Protesters Demand Justice for Brothers Thompson and Chaplin and Other Victims of Police Violence

by Felix Chrome

Saturday May 21 marked the one year anniversary of the shooting of Andre Thompson and Bryson Chaplin by Olympia Police Department Officer Ryan Donald. One year later, Officer Donald remains on the police force and Thompson and Chaplin are being charged with assault. Community member organized a protest demanding once again that Officer Donald be fired and the assault charges against Thompson and Chaplin be dropped.

On this rainy Saturday afternoon people gathered solemnly in Woodruff Park. Members of indigenous communities from the surrounding area shared a prayer song in support of Thompson and Chaplin intimately and publicly displaying the bond between these communities, population that are both fighting against the highest rates of police violence.

Chaplin and Thompson were in attendance, as well as their mother and sister and who took a role in leading the march and speaking to the crowd gathered. Others who have lost family members or loved ones to police violence in the surrounding area were also in attendance, including family members of Che Taylor. The day also marked the three month anniversary of Taylor’s death, a black man who was shot and killed by Seattle police on Feb 21.

Family members of Jackie Salyers, shot and killed by Tacoma police in January 2016, Daniel Covarrubias, shot and killed by Lakewood police in April 2015, and John T. Williams, shot and killed by Seattle police in 2011, were also in attendance. Later, many spoke about their experiences and shared messages of care and support for one another, highlighting the fact that they have been working and organizing together.

Around 5 p.m. the crowd left Woodruff park, which is next to an Olympia Police Precinct, moving into the street on Harrison and marching downtown. As they began march into the street where a pick-up truck almost immediately tried to drive through the group despite people standing in front of him. One individual jumped on to the truck as it continued to drive to avoid being run over, but no one was injured that we are aware of.

This was the only direct conflict that we witnessed, as cops closed off the street and redirected traffic around the protest. The crowd marched down Harrison, over the bridge and through downtown to Olympia City Hall, which also houses the OPD Headquarters.

Among the chants of “Black Lives Matter,” which has become a national rallying call, people lead chants of “Native Lives Matter” and “Latino Lives Matter” which organizers stated was “to honor the families who came out in solidarity with Andre and Bryson.”

Once at the City Hall building they held the intersection of Cherry Street and 4th Ave. creating a circle for people to speak. Organizers and families of those affected by police violence shared their demands and stories. Messages varied from talk of legal reform and lobbying government institutions to calls for revolution.

Some spoke about the movement to change the Washington state deadly force statute to remove the requirement to prove that an officer was acting in “good faith” without “malice,” as the law currently states, “A public officer or peace officer shall not be held criminally liable for using deadly force without malice and with a good faith belief that such act is justifiable pursuant to this section.” Many argue that this makes it nearly impossible to charge an officer because one would have to prove that officer did not believe they were acting in good faith.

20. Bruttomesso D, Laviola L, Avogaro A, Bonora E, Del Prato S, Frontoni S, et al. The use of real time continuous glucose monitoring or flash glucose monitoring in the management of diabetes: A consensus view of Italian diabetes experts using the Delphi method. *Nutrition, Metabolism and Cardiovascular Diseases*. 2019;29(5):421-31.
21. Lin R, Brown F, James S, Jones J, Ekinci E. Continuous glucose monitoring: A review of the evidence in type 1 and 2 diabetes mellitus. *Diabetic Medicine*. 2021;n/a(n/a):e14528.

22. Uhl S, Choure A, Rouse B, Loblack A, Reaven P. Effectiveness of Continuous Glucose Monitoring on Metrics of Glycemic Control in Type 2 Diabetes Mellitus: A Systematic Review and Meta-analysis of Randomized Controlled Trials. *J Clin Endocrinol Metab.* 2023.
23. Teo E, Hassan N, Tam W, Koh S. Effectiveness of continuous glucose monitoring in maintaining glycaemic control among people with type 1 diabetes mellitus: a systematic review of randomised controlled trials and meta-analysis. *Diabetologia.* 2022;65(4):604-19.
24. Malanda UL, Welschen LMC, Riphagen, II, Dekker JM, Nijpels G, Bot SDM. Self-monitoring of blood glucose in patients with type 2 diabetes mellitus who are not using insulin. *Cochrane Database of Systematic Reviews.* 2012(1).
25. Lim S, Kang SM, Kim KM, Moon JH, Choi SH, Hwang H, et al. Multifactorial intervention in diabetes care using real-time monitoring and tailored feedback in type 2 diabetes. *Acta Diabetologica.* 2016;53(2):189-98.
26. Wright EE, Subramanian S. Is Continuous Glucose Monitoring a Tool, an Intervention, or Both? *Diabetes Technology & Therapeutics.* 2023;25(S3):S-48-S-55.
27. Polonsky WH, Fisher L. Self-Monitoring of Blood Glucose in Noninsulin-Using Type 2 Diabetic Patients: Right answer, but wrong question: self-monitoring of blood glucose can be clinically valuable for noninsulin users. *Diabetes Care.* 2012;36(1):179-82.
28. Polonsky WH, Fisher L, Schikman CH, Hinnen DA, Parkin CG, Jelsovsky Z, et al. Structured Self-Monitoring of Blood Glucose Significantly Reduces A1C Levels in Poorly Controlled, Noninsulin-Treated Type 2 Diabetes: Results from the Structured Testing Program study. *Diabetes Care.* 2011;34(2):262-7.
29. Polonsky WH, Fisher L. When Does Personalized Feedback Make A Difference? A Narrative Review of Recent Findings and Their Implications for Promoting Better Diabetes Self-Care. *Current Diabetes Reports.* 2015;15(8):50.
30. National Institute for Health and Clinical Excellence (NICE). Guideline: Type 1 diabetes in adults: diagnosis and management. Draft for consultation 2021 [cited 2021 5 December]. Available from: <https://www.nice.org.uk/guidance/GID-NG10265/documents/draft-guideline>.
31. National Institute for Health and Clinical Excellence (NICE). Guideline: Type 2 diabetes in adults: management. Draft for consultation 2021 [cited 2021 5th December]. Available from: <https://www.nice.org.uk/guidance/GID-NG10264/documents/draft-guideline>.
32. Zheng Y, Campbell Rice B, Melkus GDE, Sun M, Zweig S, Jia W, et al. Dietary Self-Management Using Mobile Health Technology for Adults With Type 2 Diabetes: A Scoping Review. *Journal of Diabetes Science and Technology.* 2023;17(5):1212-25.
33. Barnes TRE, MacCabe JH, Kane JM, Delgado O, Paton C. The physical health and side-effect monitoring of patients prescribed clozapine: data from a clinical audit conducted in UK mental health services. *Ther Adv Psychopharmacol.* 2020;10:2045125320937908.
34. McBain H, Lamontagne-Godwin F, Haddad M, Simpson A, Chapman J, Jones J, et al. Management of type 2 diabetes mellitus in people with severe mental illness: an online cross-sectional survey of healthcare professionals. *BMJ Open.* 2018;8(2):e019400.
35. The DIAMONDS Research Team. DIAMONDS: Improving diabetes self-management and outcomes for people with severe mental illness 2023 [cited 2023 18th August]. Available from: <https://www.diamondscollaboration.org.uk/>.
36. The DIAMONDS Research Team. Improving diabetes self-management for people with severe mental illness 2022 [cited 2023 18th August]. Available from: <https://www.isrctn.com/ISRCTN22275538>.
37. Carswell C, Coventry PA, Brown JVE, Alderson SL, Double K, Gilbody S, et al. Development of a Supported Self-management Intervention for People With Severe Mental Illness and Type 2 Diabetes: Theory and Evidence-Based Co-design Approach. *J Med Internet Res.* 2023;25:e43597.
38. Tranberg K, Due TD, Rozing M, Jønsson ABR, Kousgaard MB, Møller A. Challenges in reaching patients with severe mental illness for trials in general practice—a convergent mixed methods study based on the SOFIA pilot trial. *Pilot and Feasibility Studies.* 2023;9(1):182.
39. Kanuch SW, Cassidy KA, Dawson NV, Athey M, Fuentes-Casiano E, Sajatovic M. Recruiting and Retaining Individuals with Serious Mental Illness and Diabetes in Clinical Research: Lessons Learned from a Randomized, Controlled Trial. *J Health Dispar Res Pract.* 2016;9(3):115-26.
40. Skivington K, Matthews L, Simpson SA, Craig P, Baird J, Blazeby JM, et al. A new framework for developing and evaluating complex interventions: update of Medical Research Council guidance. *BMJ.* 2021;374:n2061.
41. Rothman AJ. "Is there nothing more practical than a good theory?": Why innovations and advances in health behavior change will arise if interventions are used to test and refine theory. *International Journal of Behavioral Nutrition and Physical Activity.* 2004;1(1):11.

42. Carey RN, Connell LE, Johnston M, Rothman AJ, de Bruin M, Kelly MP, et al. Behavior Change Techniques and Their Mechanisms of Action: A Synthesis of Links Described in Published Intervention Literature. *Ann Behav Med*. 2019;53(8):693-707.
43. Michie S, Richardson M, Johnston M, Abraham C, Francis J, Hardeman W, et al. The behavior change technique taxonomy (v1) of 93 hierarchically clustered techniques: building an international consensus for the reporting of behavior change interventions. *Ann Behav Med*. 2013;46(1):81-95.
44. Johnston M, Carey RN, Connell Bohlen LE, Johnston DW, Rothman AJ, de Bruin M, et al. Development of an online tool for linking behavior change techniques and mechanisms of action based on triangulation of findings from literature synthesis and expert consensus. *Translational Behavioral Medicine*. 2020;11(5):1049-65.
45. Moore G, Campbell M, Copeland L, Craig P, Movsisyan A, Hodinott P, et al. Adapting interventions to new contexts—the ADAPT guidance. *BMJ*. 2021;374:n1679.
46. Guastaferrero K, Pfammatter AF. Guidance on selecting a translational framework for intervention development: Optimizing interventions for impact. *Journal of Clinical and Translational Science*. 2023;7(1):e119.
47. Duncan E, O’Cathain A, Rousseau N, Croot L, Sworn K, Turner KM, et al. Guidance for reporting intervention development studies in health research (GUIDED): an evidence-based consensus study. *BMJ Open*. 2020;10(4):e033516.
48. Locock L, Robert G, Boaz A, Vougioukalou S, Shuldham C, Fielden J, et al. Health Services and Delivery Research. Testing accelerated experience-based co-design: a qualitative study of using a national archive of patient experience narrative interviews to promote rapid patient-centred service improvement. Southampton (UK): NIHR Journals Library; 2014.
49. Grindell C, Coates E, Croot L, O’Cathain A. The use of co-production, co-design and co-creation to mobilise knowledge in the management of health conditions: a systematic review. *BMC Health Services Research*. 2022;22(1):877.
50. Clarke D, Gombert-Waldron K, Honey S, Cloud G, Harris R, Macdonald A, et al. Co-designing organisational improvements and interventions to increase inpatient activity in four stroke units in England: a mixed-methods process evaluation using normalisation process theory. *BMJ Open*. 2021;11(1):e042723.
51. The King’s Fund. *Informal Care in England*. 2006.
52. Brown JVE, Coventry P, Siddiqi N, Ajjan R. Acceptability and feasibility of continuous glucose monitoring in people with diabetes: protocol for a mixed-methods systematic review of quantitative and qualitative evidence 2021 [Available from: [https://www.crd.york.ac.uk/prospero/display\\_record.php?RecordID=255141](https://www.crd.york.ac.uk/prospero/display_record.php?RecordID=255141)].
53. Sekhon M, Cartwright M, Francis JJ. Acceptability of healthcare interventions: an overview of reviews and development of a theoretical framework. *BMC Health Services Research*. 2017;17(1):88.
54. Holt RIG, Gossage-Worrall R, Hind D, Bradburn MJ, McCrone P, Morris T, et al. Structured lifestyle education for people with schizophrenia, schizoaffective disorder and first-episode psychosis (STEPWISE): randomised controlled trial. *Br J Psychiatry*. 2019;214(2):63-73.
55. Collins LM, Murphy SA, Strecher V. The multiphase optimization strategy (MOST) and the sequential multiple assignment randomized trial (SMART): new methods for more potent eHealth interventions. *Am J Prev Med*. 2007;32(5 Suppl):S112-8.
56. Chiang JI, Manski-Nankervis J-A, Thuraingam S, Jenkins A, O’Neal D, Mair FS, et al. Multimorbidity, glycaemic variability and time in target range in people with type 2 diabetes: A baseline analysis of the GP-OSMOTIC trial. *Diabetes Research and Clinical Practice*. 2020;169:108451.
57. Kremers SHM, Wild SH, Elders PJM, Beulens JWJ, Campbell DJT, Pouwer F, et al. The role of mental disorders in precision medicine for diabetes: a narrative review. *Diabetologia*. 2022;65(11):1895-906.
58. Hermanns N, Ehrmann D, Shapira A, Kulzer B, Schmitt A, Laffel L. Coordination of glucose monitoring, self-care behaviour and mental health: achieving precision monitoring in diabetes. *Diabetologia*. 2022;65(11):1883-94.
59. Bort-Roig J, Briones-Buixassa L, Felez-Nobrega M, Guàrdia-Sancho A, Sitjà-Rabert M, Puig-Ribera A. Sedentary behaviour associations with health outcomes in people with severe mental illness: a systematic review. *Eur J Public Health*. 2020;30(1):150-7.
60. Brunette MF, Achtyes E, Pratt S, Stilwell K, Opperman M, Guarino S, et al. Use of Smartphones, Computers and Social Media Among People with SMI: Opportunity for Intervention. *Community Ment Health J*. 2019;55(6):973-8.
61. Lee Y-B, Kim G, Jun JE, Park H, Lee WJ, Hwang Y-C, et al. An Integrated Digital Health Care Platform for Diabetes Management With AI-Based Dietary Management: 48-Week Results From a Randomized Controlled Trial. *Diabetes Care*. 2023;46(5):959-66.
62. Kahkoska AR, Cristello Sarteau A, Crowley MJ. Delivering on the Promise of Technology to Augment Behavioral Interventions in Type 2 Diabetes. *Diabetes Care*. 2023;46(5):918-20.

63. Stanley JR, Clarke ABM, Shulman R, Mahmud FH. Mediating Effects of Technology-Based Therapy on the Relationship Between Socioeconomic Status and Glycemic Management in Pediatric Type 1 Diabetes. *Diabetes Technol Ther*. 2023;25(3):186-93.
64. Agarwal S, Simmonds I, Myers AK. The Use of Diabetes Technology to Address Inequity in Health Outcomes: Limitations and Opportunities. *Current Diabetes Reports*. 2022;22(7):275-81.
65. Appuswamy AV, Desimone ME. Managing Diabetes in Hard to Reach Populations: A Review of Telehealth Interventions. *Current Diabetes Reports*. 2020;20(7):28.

There was previously a bill introduced that would have made this change, but was never brought to a vote outside of committee. Organizers told those gathered that they are currently working towards collecting signatures to petition the legislature introduce another version of this bill. This bill they are working towards would employ a procedural move to skip committee and go straight to a vote, and then be put to the public as a ballot initiative if it did not pass in the legislature.

While some expressed very specific goals, others spoke more broadly. Evergreen faculty Peter Bohmer spoke, linking issues of racism and state violence to a larger struggle against capitalism. He said that we should not treat political issues separately but approach seemingly disparate struggles, such as those against police violence and attempting to combat climate change, as already interrelated.

Covarrubias’ sister expressed an indictment of the entire police system, not just specific officers or laws, saying she “can no longer say that not all cops are bad.” She also emotionally shared that she was “not even able to grieve properly” because the police officer that killed her brother is still on the street, and she has to keep fighting for the living.

Caro Gonzalez echoed the sentiment that these problems are structural, telling the crowd, “Our city council is racist, all city councils are racist… our state government is racist, all government is racist.” Another community member shared this attitude, telling the crowd when cops shoot someone and say they are just “doing their job: are telling us something; they are telling us that that this is their job.”

While the day was somber and there was much discussion of the long and difficult struggles ahead, most of the visions of the fight against racism and police violence focused also on caring for one another, and the love and solidarity between communities. All of the families who had lost loved ones or been affected by police violence gathered for a picture and the crowd was lead in a chant of “ONE FIGHT/ONE STRUGGLE” before heading back towards Woodruff Park.